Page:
Thin slices of salmon cook quickly and slightly warm the mixed greens, green beans and snow pea pods tossed with a Japanese-based miso vinaigrette. Recipe below.
Sometimes a single detail can make all the difference in a dish. Recently when Marion and I had lunch at Lulu’s dim sum & then sum in Evanston, she ordered a salmon salad that, as words on a menu, had done little for me. But when the dish arrived at our table, it was a whole different story. Instead of the expected chunks of cold salmon tossed with greens, there were thin slices of fillet, still warm from being quickly cooked, simply arranged on top of the salad.
Suddenly, it had my attention. I visually dissected the salad as Marion described it, bite by bite [this treatment of restaurant meals is an occupational hazard—or benefit, depending on your point of view—of writing a food blog]. Yes, the salmon was slightly warming the greens. Yes, those were green beans and snow pea pods. And yes, you could taste the miso in the light dressing.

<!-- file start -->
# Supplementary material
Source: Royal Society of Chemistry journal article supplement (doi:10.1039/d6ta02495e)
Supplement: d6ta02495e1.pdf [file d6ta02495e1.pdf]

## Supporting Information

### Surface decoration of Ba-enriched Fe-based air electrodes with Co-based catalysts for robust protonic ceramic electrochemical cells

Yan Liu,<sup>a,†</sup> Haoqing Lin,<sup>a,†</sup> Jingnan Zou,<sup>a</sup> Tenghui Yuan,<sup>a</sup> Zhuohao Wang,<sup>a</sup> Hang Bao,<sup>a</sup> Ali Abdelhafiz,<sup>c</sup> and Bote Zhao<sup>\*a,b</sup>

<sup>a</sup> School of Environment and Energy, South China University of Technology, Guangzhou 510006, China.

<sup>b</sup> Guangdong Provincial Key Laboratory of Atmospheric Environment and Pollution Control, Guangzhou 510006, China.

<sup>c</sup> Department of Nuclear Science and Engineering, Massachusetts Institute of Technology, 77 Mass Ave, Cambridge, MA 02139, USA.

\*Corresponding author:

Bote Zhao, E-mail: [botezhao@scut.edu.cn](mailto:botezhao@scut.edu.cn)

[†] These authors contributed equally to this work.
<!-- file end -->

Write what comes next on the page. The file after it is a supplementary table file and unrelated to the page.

Miso [MEE-soh] is a Japanese culinary mainstay, used in soups, sauces, marinades, dips and as you’ll see here, salad dressings. Marion often uses it to make a miso soup, the kind that begins many Japanese restaurant meals, when anyone in the house is feeling under the weather. It is simple, soothing and restorative. Miso is a thick fermented paste made of cooked soybeans, salt and often rice or barley. It comes in a variety of flavors and colors, from the so called white miso, which we use most often, to golden to reddish brown. White is the most delicate flavored; the flavor deepens and intensifies as the color does.
Miso paste is readily available in Asian markets, particularly those catering to Japanese shoppers. And you can occasionally find it in supermarkets in larger metropolitan areas. It is also popular among vegetarians and vegans for creating flavorful, protein-rich broths. You’ll find it in the refrigerator case, and it will keep pretty much indefinitely in your fridge.